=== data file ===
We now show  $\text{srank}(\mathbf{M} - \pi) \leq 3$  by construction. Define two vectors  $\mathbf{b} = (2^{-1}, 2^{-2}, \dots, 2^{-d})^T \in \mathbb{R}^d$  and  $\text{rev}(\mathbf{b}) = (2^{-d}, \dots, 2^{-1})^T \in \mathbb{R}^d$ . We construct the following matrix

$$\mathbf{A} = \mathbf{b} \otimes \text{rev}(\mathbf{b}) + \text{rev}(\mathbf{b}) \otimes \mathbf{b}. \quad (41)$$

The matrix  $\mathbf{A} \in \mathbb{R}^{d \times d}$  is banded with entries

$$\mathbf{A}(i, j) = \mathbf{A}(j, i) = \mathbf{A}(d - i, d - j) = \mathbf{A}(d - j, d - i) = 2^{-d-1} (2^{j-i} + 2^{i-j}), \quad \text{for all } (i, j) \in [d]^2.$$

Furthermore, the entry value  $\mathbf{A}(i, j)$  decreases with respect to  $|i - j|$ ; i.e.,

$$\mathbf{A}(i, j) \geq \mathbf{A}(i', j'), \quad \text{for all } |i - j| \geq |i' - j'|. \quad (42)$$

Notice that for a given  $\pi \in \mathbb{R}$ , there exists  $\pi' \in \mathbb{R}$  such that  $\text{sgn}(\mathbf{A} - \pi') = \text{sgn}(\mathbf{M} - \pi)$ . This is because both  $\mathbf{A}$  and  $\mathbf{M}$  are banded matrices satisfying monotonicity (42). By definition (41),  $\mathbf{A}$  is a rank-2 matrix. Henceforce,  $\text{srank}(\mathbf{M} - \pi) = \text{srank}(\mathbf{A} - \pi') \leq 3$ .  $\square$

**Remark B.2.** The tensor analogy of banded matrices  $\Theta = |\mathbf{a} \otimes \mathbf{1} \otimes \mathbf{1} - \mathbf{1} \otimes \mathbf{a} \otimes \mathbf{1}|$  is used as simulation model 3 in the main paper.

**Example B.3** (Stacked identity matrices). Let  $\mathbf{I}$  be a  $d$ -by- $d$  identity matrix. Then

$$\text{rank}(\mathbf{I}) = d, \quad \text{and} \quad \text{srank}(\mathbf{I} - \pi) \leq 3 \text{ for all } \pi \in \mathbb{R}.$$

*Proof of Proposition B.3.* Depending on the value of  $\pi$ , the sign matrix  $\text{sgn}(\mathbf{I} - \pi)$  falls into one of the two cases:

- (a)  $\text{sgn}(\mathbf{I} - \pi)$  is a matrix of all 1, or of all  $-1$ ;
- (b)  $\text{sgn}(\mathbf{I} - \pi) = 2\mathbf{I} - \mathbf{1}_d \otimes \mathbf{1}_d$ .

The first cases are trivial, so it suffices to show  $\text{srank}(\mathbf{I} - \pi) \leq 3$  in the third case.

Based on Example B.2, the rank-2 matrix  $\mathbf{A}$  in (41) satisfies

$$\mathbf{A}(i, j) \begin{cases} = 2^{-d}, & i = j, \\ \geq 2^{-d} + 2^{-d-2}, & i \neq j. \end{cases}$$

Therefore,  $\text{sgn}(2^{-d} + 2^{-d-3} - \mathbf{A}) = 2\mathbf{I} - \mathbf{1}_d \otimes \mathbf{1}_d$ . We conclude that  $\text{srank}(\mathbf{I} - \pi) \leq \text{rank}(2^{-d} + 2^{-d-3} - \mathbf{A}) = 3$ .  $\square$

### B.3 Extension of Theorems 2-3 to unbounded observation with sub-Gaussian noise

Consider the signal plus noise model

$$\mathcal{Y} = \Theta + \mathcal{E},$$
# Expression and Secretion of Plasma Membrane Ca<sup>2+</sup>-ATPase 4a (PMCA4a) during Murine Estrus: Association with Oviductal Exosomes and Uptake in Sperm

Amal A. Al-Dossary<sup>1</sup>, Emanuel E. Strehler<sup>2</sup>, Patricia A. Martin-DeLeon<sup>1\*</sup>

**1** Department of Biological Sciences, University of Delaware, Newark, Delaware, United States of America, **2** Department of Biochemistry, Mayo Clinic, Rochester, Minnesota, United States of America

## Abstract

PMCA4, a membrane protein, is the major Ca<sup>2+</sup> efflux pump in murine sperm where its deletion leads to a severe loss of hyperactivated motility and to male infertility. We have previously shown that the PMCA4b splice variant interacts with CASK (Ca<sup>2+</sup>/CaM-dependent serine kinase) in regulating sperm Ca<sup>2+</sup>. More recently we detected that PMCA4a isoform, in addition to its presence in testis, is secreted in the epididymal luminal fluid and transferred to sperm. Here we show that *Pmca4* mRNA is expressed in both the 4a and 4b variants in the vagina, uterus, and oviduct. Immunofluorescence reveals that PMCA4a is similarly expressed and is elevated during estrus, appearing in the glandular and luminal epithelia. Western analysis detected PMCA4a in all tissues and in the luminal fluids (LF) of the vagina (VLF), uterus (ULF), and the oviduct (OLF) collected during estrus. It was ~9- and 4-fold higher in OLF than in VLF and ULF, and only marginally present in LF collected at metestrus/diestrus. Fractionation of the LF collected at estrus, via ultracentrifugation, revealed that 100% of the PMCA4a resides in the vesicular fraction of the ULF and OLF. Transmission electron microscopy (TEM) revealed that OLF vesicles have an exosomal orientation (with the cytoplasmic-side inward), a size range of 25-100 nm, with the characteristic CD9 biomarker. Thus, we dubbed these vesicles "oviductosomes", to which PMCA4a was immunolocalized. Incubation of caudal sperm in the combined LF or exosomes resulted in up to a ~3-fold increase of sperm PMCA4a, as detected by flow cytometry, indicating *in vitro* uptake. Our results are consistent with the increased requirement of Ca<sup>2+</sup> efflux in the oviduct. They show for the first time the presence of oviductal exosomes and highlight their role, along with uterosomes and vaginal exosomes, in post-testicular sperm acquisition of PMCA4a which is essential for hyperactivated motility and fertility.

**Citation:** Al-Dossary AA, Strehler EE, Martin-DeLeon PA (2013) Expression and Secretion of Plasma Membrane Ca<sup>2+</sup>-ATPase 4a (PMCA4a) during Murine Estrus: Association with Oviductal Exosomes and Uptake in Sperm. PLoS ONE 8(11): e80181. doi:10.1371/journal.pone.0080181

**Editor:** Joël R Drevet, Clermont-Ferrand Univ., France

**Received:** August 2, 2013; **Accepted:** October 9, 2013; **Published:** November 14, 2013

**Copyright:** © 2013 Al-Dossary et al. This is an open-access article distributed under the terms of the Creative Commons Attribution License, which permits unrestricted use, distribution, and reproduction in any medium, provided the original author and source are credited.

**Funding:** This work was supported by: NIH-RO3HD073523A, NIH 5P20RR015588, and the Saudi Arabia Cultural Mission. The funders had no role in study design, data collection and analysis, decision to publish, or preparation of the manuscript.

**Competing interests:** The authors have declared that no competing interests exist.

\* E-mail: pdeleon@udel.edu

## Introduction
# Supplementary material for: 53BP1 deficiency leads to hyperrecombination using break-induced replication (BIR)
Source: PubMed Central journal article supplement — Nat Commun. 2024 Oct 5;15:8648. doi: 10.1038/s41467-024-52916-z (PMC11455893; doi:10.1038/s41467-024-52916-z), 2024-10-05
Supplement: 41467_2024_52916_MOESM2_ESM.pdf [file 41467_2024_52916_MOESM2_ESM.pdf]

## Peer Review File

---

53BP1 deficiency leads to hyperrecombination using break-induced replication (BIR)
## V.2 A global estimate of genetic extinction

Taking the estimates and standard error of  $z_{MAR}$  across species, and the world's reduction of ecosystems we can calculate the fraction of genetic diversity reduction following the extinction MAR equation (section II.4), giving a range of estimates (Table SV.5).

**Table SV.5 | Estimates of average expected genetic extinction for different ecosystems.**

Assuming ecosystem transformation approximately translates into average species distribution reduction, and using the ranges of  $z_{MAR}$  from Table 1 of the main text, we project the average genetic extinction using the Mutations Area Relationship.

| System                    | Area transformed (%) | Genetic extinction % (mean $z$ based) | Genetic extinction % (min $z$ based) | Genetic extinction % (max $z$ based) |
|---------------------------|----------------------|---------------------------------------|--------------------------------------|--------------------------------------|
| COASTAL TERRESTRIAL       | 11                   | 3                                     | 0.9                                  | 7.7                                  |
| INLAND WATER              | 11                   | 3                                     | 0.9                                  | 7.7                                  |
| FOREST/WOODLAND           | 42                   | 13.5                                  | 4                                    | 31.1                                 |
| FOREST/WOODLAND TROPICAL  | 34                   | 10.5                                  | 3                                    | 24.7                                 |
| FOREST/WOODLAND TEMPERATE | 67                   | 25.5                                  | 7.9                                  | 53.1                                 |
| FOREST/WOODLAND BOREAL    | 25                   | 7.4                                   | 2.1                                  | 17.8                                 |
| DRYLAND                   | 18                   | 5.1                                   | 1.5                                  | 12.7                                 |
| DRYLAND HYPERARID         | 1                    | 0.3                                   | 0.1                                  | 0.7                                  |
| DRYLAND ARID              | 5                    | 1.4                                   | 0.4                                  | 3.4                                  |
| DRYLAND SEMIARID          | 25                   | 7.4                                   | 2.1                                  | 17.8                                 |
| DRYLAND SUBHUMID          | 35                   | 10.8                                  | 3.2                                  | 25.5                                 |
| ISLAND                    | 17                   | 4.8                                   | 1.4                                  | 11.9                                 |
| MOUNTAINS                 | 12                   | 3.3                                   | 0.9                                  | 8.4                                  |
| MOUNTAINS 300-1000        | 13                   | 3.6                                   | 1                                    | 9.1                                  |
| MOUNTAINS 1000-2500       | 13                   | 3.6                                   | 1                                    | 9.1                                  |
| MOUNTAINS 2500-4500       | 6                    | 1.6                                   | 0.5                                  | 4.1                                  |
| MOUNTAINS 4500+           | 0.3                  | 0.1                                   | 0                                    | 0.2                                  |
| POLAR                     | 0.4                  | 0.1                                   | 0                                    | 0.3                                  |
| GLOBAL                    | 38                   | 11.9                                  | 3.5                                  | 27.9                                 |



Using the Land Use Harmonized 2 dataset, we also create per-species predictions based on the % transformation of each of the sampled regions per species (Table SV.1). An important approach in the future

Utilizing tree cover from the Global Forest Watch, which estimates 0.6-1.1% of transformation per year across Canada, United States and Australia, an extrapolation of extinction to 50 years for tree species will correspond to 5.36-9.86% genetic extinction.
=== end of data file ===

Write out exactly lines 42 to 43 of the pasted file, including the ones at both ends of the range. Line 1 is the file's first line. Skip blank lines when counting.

**Table SV.5 | Estimates of average expected genetic extinction for different ecosystems.**

Assuming ecosystem transformation approximately translates into average species distribution reduction, and using the ranges of  $z_{MAR}$  from Table 1 of the main text, we project the average genetic extinction using the Mutations Area Relationship.